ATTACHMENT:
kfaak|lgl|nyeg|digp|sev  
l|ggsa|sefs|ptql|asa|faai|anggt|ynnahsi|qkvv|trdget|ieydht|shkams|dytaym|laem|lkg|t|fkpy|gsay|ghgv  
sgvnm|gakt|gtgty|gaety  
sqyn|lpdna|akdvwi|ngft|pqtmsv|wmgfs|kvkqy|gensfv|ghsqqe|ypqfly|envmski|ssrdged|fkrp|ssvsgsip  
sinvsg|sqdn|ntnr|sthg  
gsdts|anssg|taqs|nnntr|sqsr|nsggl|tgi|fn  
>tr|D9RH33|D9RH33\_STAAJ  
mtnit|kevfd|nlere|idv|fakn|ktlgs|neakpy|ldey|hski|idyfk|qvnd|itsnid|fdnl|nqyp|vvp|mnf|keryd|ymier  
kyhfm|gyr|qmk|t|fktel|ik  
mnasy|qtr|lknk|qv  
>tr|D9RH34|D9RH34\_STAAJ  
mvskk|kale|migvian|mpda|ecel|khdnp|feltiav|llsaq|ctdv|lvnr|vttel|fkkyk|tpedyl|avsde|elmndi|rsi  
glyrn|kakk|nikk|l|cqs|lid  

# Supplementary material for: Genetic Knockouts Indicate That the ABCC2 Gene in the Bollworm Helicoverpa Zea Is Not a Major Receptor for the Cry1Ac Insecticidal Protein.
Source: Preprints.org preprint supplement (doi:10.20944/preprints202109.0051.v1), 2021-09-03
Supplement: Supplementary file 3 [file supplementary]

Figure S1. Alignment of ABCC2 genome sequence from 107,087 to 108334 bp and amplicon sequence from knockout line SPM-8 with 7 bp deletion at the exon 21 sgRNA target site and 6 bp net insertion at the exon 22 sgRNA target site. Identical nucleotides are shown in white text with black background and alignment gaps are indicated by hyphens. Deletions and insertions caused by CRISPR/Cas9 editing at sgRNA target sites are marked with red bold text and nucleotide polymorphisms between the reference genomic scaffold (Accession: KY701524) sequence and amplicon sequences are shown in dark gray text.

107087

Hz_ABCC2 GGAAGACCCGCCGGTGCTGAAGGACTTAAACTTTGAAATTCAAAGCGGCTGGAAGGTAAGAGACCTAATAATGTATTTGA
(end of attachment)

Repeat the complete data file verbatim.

kfaak|lgl|nyeg|digp|sev  
l|ggsa|sefs|ptql|asa|faai|anggt|ynnahsi|qkvv|trdget|ieydht|shkams|dytaym|laem|lkg|t|fkpy|gsay|ghgv  
sgvnm|gakt|gtgty|gaety  
sqyn|lpdna|akdvwi|ngft|pqtmsv|wmgfs|kvkqy|gensfv|ghsqqe|ypqfly|envmski|ssrdged|fkrp|ssvsgsip  
sinvsg|sqdn|ntnr|sthg  
gsdts|anssg|taqs|nnntr|sqsr|nsggl|tgi|fn  
>tr|D9RH33|D9RH33\_STAAJ  
mtnit|kevfd|nlere|idv|fakn|ktlgs|neakpy|ldey|hski|idyfk|qvnd|itsnid|fdnl|nqyp|vvp|mnf|keryd|ymier  
kyhfm|gyr|qmk|t|fktel|ik  
mnasy|qtr|lknk|qv  
>tr|D9RH34|D9RH34\_STAAJ  
mvskk|kale|migvian|mpda|ecel|khdnp|feltiav|llsaq|ctdv|lvnr|vttel|fkkyk|tpedyl|avsde|elmndi|rsi  
glyrn|kakk|nikk|l|cqs|lid  

# Supplementary material for: Genetic Knockouts Indicate That the ABCC2 Gene in the Bollworm Helicoverpa Zea Is Not a Major Receptor for the Cry1Ac Insecticidal Protein.
Source: Preprints.org preprint supplement (doi:10.20944/preprints202109.0051.v1), 2021-09-03
Supplement: Supplementary file 3 [file supplementary]

Figure S1. Alignment of ABCC2 genome sequence from 107,087 to 108334 bp and amplicon sequence from knockout line SPM-8 with 7 bp deletion at the exon 21 sgRNA target site and 6 bp net insertion at the exon 22 sgRNA target site. Identical nucleotides are shown in white text with black background and alignment gaps are indicated by hyphens. Deletions and insertions caused by CRISPR/Cas9 editing at sgRNA target sites are marked with red bold text and nucleotide polymorphisms between the reference genomic scaffold (Accession: KY701524) sequence and amplicon sequences are shown in dark gray text.

107087

Hz_ABCC2 GGAAGACCCGCCGGTGCTGAAGGACTTAAACTTTGAAATTCAAAGCGGCTGGAAGGTAAGAGACCTAATAATGTATTTGA